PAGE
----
Date(s) - Tuesday March 15
3:30 pm - 4:30 pm

Smith Hall, Room 104B

In 2007, in the wake of 9/11 and the “war on terror,” Moshin Hamid published The Reluctant Fundamentalist, which was short-listed for the Booker prize and adapted as a movie that was highlighted at the Venice Film Festival.

Hamid’s novel—while fiction—raises many productive issues associated with cross-cultural interactions within the US and beyond, including how we in the United States have responded to Arab Americans in the years since the attack on the World Trade Center. The book reached #4 on the New York Times bestseller list and sold well over a million copies in the first years after its publication. Since then, it has been the first-year common reading at a number of US colleges and universities, including Davidson, Tulane, Washington University in Saint Louis, Drake, Siena, Lehigh, Rollins, and more. The novel has also become a mainstay in Asian Studies programs and global literature courses.

Come to a “book club” discussion of the novel and its interplay with historical and cultural issues in a global context and of its potential for interdisciplinary teaching. The first 20 of those signing up to attend will receive a free copy of the novel. Light refreshments will be served.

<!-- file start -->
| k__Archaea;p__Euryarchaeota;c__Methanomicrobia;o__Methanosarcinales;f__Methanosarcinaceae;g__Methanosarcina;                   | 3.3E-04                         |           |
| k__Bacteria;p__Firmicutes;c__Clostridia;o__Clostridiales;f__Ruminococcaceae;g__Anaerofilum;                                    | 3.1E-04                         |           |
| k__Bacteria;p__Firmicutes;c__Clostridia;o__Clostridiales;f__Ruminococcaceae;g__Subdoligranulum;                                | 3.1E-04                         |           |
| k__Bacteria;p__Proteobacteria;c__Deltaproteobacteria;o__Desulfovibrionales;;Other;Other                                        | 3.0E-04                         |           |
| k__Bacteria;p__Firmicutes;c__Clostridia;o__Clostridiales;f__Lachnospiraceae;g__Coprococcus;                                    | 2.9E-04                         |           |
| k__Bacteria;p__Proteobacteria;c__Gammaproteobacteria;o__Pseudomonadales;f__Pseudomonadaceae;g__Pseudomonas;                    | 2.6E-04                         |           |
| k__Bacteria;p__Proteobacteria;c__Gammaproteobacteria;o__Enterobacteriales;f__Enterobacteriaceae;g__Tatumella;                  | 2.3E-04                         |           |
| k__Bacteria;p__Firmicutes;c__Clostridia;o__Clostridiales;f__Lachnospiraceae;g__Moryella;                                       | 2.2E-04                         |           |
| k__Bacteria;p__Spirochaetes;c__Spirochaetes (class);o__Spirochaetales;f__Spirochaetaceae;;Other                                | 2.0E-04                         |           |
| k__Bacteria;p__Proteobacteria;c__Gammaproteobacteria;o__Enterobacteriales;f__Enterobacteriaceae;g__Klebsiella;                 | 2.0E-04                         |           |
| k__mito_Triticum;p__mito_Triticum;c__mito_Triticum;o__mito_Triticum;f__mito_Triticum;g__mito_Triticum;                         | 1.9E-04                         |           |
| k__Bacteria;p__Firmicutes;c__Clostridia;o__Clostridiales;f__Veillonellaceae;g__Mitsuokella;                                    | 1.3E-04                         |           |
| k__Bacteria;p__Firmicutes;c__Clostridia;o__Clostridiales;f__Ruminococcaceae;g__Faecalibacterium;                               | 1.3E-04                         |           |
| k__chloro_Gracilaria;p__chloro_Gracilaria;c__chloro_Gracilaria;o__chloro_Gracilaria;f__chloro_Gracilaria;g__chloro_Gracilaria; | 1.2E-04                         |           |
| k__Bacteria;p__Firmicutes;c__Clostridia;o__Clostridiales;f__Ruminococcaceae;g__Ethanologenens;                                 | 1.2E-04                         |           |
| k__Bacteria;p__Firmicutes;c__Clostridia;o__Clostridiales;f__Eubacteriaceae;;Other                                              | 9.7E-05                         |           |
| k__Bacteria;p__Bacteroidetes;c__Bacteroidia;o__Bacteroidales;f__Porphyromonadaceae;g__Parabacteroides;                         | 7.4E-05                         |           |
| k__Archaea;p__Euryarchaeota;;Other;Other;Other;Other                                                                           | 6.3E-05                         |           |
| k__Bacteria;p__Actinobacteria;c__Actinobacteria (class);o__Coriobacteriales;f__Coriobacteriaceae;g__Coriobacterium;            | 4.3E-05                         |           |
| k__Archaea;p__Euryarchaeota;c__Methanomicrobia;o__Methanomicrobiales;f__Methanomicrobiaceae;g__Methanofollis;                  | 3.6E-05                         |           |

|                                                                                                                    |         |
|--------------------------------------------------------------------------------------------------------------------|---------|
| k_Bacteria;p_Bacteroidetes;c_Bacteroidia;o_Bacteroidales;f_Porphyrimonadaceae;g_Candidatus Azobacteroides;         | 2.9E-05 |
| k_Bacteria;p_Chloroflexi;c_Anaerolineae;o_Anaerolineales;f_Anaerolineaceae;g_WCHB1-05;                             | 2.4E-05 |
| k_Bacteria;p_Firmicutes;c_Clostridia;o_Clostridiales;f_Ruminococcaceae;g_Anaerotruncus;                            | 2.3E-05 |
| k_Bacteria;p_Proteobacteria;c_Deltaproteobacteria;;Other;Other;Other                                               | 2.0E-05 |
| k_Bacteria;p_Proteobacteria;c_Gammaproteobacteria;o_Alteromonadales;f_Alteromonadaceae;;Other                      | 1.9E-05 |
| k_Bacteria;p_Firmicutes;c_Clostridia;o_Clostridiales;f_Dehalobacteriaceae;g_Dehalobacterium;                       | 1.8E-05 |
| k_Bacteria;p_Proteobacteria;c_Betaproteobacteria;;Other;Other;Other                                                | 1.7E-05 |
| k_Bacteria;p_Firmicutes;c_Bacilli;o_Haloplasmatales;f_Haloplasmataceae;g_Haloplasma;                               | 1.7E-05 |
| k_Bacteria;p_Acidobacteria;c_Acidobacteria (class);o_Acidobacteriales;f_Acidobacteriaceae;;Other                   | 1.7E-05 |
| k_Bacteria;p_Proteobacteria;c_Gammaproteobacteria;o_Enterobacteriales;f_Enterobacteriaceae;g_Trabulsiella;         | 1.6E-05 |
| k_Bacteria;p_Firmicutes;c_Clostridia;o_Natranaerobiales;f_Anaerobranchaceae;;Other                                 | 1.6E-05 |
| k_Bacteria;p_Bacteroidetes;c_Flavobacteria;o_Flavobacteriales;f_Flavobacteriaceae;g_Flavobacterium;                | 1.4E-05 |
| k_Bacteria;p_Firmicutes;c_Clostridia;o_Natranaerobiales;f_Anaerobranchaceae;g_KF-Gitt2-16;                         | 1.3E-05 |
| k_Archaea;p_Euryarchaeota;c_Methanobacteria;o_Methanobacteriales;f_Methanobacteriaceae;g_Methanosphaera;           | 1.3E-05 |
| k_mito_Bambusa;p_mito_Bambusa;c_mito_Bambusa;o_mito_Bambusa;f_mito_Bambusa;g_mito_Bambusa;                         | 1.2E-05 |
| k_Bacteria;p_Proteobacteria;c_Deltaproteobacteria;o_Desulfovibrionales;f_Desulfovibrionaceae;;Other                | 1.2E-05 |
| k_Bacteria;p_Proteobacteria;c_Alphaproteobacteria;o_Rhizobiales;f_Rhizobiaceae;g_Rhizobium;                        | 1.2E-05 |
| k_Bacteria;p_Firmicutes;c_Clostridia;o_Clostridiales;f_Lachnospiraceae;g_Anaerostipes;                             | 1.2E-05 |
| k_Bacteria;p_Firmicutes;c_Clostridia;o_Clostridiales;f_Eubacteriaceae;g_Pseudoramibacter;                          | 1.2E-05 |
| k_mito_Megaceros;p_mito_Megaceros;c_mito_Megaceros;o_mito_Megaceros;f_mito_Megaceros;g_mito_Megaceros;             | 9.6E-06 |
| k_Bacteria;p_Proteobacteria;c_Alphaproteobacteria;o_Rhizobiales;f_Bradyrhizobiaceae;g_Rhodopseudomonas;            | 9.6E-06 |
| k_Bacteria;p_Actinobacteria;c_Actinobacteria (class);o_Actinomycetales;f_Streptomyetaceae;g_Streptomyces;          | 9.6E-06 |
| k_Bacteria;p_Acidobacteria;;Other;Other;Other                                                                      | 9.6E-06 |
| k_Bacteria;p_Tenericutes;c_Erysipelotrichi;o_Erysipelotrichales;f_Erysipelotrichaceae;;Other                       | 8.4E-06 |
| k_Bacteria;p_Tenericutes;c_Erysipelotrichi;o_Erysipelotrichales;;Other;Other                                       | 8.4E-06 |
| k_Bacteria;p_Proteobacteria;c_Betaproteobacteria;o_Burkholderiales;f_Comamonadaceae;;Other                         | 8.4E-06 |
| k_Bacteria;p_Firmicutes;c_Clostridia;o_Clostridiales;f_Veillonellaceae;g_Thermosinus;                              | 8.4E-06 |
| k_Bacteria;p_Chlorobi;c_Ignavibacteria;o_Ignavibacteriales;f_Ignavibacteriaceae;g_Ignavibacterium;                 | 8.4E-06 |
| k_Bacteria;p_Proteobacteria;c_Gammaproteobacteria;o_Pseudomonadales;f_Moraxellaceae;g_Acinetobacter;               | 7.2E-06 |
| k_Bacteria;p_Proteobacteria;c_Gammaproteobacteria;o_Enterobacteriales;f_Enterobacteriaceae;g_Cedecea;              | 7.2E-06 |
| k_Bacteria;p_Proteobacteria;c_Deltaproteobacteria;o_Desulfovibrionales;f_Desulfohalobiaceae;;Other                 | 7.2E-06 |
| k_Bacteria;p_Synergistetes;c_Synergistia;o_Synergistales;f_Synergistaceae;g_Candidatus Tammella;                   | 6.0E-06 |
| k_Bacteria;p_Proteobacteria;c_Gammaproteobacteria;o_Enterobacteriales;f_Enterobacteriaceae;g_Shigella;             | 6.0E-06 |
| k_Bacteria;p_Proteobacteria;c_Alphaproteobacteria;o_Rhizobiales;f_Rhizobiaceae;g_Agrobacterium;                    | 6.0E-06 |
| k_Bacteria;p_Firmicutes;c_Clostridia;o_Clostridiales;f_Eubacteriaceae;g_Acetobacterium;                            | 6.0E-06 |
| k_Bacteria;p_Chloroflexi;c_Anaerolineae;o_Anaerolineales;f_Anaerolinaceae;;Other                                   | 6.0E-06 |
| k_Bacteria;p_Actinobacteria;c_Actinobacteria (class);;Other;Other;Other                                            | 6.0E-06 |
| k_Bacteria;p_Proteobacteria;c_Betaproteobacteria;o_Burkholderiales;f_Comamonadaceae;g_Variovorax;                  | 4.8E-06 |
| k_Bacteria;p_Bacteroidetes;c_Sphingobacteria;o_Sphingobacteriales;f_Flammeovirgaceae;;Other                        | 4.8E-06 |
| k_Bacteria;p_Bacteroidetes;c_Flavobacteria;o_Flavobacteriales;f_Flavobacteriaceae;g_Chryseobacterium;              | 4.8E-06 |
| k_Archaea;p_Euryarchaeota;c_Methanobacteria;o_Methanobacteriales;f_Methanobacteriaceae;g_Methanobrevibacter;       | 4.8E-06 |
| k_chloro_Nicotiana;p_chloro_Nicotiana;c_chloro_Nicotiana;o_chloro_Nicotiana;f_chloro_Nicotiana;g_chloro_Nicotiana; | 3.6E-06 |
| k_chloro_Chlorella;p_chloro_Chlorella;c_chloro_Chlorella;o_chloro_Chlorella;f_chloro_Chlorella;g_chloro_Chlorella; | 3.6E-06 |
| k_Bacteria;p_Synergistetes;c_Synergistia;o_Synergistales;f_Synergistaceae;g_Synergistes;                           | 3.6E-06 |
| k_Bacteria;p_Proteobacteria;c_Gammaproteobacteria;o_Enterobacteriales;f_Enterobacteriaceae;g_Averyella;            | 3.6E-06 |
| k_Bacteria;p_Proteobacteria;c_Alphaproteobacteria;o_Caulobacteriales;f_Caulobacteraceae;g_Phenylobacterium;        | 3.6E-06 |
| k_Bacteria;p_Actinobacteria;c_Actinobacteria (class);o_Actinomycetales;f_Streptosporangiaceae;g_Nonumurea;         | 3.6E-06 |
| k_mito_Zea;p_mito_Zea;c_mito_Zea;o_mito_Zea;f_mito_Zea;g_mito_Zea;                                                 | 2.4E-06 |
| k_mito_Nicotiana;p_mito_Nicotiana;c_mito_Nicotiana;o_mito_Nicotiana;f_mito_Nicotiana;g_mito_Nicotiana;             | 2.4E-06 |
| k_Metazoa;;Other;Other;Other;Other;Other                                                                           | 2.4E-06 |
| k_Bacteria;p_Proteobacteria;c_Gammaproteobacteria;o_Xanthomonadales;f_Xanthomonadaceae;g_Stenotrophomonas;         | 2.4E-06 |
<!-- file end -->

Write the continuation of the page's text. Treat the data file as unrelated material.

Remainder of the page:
Register Online at


Sarah RobbinsThis event will be presented by Sarah Robbins, the Koehler Center Fellow for Global Citizenship. As the Koehler Center Global Citizenship fellow, Sarah Robbins is charged with facilitating conversations and program development among faculty who are incorporating the TCU Quality Enhancement Plan (QEP) into their teaching. Sarah brings to this endeavor a career-long commitment to global learning, both in the classroom and beyond. She looks forward to fostering collaborative projects in curriculum development; supporting partnerships that integrate co-curricular and community-based learning with course-linked study; and helping facilitate faculty members’ own explorations of global citizenship.  Since coming to TCU, Sarah has new courses in Global American Literatures and in the practice of cross-cultural learning consistent with Kwame Appiah’s model for cosmopolitan citizenship. Her scholarship has always had a global emphasis, ranging from writing on women teaching in China to co-editing a collection of publications by a missionary teacher to Angola in the early twentieth century. Recently, collaborating with a group of international faculty women, she published a collection of essays on “Bridging Cultures” that grew out of a collaborative study for ex-pat women faculty now teaching in the US. In line with the Boyer model of multi-faceted scholarship in action, Sarah hopes to support TCU faculty who would like to research their own teaching for and/or about global citizenship.